I now have confirmation from 5 Mac based transit users - I should say former users.
The whole idea for a device like the Transit is to pass un-altered PCM to your DAC. The transit just does not do a good job of it. It really is noticeable.
I don't think this is unique to the Transit either. I think several of the popular low end devices actual mess with the PCM stream to one extent or another.
If you are concerned, call the manufacturer and verify that the device supports Core Audio (Mac OSX) and passes the PCM data unaltered.
I know that the Waveterminal U24 and the Edirol U25 both do a good job. There are probably many more.
As always, though, if you are happy with what you have, why change?
Thanks for the information. I will check into those other external cards. I love upgrading and I have run out of things to upgrade (while keeping the system portable). I had looked at the Waverterminal before but I figured the extra features are what was making the unit cost more, and I only need it as a digital out.
Thanks for the info.
You could try better D/A converters via the Echo Indigo cardbus card http://www.echoaudio.com/Products/CardBus/
I am using an iBook G4 which has no card slot, USB is the only digital out possibility. Thanks though.
I am currently using an Apogee MiniDAC, and I love it. The MiniDAC does require an external power supply, which might be a consideration for an iBook user. I have had a few problems with the unit dropping the USB connection. Apogee said that it is my computer. . . .
The MiniDAC does not have any digital output, so you have to use the on board DAC. Sounds great.
If you want to use your own DAC, the MiniDAC is not the solution.
I have been looking at the MiniDAC after a few people on Head-Fi actually said they preferred it to the Benchmark. I was thinking this might be what I get especially since I listen to classical music primarily and if I get a sound that is too digital/detailed I get listening fatigue. Although I have not heard the Benchmark, those who don't like it as much as some say it is a bit analytical.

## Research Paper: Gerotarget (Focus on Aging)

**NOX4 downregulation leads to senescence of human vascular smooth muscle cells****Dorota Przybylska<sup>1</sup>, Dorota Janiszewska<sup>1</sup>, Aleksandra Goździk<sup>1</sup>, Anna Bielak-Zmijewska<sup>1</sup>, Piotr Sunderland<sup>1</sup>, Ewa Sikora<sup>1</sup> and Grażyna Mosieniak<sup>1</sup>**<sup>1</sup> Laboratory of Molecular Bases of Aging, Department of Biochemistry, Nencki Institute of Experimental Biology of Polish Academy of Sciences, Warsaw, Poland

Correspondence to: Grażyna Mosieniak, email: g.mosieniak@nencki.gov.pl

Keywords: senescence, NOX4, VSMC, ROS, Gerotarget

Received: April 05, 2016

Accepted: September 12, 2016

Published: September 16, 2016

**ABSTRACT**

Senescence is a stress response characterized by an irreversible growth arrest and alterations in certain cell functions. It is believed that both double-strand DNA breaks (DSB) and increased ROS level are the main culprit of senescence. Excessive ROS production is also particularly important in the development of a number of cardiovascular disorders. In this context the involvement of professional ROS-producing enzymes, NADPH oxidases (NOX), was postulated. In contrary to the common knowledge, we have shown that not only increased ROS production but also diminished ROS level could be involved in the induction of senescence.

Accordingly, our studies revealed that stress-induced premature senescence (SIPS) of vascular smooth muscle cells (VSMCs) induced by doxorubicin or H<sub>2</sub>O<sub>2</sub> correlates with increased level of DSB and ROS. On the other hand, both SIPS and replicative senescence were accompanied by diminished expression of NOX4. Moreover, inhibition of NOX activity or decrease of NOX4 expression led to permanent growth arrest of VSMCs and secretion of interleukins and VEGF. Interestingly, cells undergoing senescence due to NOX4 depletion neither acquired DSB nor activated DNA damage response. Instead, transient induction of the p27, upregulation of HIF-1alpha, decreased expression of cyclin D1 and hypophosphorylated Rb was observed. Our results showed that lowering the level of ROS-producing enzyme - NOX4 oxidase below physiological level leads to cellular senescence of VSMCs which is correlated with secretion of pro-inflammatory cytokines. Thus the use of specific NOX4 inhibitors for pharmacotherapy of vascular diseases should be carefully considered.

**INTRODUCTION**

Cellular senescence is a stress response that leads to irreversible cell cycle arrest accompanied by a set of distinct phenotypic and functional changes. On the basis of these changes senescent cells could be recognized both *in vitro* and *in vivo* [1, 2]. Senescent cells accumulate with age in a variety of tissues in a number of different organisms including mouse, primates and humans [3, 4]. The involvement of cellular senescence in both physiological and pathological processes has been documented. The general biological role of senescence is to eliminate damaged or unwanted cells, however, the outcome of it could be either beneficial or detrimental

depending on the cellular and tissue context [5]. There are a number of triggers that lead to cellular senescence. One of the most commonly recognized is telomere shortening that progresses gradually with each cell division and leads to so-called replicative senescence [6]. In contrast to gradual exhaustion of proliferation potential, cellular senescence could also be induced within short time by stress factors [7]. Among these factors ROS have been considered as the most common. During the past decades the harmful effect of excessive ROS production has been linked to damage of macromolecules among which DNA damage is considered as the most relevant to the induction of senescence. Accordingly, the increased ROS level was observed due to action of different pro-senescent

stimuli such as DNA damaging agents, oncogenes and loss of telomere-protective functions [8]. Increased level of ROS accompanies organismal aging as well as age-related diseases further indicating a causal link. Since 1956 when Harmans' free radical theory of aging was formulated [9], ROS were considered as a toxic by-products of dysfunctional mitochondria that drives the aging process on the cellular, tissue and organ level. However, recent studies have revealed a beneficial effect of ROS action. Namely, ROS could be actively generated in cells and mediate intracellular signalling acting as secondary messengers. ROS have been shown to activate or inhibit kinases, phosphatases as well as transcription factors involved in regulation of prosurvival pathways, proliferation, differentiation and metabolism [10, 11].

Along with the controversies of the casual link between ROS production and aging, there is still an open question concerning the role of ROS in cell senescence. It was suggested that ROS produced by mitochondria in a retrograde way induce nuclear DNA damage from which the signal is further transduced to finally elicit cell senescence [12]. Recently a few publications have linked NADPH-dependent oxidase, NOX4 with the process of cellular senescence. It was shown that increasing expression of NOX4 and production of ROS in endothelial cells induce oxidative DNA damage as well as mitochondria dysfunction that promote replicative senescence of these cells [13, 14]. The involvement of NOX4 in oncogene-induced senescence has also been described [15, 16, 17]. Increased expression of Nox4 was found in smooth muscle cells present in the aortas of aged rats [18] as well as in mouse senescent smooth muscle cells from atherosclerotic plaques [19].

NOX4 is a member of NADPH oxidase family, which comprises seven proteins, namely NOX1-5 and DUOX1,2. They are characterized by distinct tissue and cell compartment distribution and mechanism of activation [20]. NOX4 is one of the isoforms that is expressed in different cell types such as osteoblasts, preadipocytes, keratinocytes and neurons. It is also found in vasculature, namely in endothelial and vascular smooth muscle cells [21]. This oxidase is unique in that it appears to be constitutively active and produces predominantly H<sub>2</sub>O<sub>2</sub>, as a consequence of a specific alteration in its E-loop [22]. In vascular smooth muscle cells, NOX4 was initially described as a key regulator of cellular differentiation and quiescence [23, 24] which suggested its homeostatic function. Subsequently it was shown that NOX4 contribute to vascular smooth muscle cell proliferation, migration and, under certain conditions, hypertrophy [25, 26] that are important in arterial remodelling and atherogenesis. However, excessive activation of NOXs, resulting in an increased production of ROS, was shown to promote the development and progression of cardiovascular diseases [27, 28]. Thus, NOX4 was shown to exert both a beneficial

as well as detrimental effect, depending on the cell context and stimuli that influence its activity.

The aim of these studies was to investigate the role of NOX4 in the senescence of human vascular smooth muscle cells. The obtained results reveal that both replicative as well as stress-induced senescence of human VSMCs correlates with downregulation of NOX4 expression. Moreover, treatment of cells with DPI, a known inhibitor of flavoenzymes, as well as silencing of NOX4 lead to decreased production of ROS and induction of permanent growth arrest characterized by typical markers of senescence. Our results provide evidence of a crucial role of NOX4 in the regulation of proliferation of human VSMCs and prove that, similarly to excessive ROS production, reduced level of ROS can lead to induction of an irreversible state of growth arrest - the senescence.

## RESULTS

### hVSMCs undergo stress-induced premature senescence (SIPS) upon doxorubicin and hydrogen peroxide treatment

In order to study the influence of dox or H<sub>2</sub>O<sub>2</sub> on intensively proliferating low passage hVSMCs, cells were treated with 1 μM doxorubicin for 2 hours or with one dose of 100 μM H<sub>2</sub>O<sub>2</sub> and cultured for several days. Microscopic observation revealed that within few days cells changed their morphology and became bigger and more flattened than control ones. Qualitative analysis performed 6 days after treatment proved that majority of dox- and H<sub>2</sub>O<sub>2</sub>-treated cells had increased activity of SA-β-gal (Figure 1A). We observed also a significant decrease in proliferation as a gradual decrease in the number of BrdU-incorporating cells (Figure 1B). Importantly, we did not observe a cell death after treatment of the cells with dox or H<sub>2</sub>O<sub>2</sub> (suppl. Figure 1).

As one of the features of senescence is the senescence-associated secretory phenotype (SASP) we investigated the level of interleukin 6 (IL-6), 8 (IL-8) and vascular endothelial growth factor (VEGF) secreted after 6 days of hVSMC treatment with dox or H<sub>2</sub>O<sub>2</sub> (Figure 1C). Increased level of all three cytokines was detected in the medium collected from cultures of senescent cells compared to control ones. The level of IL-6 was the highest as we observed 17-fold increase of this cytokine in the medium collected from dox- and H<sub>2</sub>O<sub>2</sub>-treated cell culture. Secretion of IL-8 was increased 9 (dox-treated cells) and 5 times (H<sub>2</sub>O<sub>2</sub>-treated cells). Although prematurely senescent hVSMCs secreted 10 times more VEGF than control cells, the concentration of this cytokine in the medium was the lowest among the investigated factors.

Edumke, have you compared your MiniDAC to the Bel Canto or Benchmark units?
I have only compared the MiniDAC to a Monarchy DIP and Monarchy M22c DAC. It was really hard to compare, because I only had one pair of cables, so it would take me 5 minutes to switch between DACs. No obvious difference that jumped out at me.
I talked to an Apogee tech who said he thought the MiniDAC sounded as good as some of their high end DACs.
I have a McIntosh MDA1000 coming next week. We'll see if there is any difference in the sound for 8 times the price!
I have a headroom total bithead right now, which goes out of the USB of any computer (instantly recognized as a destination for sound out in your preferences) and to some ultimate ears or powered monitors. it's more than okay and a huge improvement over the minijack out for the cans. however, I am looking into the apogee mini-dac, and the wavelength brick, for a more permanent setup with a computer that I might leave in my main system. another thing I tried is the new outlaw rr2150 receiver, which is a strong integrated amp that has a USB input. sounds pretty great for the money, but won't help you at work I guess. I would recommend checking out the total bithead.
Asio4all - computer based players should all download this - for free ! It fixes problem in window, and makes the sound smooth, like an upscale gear.
Gonglee3 - ASIO4ALL is only for S/W drivers that do not accept an ASIO plug-in. Drivers that can accept the plug-in should use ASIO plug-in, not ASIO4ALL. I have heard that ASIO4ALL is actually an ASIO emulator using Kernel streaming.